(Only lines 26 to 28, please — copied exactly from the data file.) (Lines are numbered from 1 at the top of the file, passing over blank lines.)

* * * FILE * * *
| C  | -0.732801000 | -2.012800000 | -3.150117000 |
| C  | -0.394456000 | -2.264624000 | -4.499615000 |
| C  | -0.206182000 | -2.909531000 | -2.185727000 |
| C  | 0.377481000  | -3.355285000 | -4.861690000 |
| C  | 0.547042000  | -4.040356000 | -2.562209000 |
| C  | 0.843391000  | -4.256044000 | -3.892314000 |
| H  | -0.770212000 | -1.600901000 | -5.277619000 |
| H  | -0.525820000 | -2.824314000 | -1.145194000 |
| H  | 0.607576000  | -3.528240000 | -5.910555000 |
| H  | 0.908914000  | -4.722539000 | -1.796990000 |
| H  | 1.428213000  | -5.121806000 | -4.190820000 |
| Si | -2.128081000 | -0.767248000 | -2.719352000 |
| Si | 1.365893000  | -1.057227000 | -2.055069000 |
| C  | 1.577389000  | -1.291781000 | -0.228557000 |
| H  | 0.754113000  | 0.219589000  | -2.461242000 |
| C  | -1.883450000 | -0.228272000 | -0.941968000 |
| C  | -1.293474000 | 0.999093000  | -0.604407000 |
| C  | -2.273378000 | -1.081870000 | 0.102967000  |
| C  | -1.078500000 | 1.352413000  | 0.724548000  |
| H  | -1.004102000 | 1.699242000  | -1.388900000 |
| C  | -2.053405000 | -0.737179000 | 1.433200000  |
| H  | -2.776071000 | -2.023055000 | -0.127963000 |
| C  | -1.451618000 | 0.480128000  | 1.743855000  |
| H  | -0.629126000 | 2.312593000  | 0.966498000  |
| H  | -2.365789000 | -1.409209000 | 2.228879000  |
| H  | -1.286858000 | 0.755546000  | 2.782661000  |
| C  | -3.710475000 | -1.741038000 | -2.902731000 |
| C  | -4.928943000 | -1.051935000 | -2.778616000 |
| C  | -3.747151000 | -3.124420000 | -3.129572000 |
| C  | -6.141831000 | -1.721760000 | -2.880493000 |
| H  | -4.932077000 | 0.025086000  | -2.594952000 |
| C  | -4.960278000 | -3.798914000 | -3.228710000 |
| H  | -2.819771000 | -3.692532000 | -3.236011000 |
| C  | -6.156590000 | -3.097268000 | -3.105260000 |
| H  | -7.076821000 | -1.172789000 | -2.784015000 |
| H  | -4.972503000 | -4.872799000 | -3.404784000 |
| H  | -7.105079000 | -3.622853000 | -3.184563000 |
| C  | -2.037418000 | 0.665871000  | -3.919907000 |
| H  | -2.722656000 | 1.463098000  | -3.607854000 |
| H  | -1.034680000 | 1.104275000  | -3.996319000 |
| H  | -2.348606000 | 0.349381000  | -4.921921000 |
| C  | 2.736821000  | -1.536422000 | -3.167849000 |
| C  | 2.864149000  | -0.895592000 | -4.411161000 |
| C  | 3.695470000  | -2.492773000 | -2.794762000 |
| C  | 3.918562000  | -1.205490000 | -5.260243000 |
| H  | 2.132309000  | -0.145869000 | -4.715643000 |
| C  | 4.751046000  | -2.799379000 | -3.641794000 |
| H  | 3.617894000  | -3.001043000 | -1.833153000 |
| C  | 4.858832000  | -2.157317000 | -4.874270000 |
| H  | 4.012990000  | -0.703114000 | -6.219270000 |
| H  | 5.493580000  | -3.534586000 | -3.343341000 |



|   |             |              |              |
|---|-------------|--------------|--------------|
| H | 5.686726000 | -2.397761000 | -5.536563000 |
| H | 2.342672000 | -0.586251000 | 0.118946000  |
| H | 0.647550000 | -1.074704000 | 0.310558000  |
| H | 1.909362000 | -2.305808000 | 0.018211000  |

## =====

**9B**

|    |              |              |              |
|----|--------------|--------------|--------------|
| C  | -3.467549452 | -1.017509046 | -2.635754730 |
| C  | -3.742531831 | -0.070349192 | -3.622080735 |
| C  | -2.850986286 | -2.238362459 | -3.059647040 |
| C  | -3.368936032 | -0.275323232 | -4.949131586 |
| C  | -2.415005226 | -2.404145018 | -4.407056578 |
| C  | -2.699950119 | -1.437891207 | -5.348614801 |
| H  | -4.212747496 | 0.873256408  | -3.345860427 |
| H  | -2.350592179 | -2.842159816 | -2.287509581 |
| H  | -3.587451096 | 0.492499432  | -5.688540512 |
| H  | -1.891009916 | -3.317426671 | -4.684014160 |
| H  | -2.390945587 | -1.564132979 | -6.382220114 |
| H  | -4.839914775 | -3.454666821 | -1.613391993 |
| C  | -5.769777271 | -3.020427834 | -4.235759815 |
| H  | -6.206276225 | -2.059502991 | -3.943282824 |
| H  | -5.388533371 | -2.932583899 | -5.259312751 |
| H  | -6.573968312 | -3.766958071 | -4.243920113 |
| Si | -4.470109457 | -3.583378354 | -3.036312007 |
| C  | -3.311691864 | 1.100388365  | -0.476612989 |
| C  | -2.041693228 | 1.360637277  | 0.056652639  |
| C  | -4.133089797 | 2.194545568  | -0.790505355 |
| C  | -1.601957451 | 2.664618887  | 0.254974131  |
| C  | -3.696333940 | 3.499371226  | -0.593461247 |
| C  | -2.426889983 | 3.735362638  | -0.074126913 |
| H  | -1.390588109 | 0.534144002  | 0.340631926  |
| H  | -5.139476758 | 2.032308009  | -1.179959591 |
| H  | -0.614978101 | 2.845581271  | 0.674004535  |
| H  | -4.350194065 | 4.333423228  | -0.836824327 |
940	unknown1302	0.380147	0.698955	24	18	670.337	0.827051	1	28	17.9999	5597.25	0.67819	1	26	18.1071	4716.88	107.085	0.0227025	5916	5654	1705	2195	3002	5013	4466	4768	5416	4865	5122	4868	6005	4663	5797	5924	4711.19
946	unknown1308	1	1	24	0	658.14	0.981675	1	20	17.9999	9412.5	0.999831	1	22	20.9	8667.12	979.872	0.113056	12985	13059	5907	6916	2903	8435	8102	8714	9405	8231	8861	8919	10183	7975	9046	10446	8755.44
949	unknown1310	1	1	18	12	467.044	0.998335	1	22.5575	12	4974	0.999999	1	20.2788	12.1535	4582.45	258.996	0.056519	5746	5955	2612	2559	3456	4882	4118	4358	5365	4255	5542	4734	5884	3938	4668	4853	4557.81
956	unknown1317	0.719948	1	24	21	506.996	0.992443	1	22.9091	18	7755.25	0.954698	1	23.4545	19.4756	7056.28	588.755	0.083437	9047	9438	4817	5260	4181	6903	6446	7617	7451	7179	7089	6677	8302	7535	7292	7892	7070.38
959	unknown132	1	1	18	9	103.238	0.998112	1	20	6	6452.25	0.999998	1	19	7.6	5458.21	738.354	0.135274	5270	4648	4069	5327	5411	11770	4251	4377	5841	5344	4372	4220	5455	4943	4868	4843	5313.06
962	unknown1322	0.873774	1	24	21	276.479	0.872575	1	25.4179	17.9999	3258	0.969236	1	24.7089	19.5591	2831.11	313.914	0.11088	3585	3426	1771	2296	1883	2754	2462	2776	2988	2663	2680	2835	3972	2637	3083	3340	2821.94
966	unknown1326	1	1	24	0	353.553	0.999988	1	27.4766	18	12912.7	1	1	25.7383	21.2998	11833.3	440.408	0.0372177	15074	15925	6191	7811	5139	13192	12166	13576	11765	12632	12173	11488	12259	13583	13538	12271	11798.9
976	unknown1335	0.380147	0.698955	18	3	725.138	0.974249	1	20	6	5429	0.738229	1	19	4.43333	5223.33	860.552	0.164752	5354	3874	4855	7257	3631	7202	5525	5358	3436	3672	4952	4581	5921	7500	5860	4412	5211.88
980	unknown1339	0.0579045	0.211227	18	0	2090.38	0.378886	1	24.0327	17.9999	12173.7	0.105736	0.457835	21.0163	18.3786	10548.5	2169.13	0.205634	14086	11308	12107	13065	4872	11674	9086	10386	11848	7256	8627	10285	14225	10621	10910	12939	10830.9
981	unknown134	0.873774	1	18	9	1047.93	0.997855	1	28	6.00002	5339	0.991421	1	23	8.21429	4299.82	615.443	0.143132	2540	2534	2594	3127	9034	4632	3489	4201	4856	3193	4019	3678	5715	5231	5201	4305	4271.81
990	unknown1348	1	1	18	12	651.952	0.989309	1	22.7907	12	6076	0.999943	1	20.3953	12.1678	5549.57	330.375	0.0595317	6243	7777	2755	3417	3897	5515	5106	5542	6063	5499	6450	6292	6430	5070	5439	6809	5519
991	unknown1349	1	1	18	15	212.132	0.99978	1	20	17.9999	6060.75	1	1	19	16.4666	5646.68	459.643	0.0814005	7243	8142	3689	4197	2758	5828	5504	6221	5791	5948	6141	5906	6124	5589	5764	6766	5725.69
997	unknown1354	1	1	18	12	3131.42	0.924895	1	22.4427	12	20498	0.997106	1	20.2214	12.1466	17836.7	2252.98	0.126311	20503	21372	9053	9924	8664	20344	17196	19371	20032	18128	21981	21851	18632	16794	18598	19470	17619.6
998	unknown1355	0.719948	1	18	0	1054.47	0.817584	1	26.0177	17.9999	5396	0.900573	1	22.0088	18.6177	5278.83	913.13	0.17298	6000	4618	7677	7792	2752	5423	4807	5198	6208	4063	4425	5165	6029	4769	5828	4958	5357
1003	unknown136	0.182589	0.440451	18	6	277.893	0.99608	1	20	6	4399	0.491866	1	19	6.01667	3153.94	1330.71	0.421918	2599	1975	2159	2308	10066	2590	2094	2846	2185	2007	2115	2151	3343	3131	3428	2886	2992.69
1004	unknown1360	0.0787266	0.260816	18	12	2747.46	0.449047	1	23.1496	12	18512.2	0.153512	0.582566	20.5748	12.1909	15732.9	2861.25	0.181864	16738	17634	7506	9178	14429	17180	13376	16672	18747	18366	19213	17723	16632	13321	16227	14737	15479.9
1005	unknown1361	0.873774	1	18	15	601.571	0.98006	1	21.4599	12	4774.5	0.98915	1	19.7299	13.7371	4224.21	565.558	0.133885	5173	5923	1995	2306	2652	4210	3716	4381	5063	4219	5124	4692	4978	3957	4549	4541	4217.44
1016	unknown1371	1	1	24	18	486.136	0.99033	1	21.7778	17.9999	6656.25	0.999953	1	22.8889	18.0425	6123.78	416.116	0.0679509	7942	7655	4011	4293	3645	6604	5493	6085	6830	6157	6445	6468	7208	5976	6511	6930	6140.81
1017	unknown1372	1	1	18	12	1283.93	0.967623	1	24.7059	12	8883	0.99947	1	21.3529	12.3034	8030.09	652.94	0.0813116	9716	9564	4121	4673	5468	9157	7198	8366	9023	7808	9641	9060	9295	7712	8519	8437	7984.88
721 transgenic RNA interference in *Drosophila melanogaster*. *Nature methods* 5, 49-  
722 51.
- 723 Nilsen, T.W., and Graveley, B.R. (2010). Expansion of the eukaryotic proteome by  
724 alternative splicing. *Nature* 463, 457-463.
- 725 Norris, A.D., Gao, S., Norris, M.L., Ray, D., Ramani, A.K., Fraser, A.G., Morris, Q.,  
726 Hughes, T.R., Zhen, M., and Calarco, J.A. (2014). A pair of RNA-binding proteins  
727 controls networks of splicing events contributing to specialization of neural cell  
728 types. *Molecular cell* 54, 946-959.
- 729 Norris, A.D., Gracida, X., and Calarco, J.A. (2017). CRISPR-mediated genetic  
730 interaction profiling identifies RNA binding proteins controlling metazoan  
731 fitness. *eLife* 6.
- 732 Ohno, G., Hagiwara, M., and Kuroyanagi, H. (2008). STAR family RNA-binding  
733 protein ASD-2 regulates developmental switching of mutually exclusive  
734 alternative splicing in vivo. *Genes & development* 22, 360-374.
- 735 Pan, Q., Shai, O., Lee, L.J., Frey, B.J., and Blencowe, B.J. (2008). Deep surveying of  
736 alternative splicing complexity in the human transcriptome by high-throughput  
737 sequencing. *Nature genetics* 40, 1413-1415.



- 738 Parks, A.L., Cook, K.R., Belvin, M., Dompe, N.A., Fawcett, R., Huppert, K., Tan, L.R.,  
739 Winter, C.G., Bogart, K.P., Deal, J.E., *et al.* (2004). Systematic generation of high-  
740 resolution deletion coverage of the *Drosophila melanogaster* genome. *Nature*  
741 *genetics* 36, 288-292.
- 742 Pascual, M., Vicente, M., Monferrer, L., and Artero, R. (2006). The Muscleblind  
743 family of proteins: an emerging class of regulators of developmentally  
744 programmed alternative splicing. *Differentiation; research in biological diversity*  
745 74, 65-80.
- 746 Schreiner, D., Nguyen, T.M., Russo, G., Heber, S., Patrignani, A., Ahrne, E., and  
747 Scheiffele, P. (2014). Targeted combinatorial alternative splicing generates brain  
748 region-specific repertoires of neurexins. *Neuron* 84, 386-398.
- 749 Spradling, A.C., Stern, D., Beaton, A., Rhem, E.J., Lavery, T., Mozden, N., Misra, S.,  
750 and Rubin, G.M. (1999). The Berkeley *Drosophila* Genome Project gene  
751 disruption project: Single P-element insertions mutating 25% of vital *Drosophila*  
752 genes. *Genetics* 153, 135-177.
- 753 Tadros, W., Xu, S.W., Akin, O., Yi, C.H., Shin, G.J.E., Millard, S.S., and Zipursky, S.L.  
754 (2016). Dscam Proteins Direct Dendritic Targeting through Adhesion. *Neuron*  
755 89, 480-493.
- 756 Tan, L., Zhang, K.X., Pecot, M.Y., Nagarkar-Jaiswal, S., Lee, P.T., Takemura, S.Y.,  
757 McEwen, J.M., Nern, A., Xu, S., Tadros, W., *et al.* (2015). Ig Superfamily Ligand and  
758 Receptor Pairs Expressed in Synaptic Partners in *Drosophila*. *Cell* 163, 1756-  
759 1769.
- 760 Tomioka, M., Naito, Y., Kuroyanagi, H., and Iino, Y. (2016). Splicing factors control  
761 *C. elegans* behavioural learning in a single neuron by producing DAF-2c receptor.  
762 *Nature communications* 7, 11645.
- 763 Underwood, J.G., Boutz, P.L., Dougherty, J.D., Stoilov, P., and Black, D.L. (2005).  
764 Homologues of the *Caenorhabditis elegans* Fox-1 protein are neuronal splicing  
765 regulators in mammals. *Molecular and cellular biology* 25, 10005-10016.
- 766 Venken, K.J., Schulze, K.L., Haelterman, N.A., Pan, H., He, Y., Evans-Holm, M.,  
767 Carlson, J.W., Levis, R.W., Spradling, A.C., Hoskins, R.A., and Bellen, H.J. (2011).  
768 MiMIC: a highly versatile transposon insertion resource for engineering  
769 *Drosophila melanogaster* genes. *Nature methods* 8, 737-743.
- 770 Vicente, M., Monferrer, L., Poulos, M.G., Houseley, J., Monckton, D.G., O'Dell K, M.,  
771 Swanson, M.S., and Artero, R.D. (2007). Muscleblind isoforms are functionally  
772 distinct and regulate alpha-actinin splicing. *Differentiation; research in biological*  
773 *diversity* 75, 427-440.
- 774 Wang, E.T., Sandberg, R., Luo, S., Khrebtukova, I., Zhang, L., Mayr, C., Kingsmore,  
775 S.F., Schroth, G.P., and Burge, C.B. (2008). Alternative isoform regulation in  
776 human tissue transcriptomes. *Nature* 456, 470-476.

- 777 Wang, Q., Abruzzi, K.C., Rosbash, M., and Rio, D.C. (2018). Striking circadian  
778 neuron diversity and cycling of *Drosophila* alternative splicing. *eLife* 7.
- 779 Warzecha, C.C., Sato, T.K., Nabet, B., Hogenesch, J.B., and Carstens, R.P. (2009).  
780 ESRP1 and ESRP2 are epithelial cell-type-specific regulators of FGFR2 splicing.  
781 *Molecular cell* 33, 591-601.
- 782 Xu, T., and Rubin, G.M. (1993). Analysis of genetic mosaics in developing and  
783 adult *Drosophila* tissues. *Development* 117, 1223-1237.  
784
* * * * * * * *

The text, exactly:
| H  | -1.286858000 | 0.755546000  | 2.782661000  |
| C  | -3.710475000 | -1.741038000 | -2.902731000 |
| C  | -4.928943000 | -1.051935000 | -2.778616000 |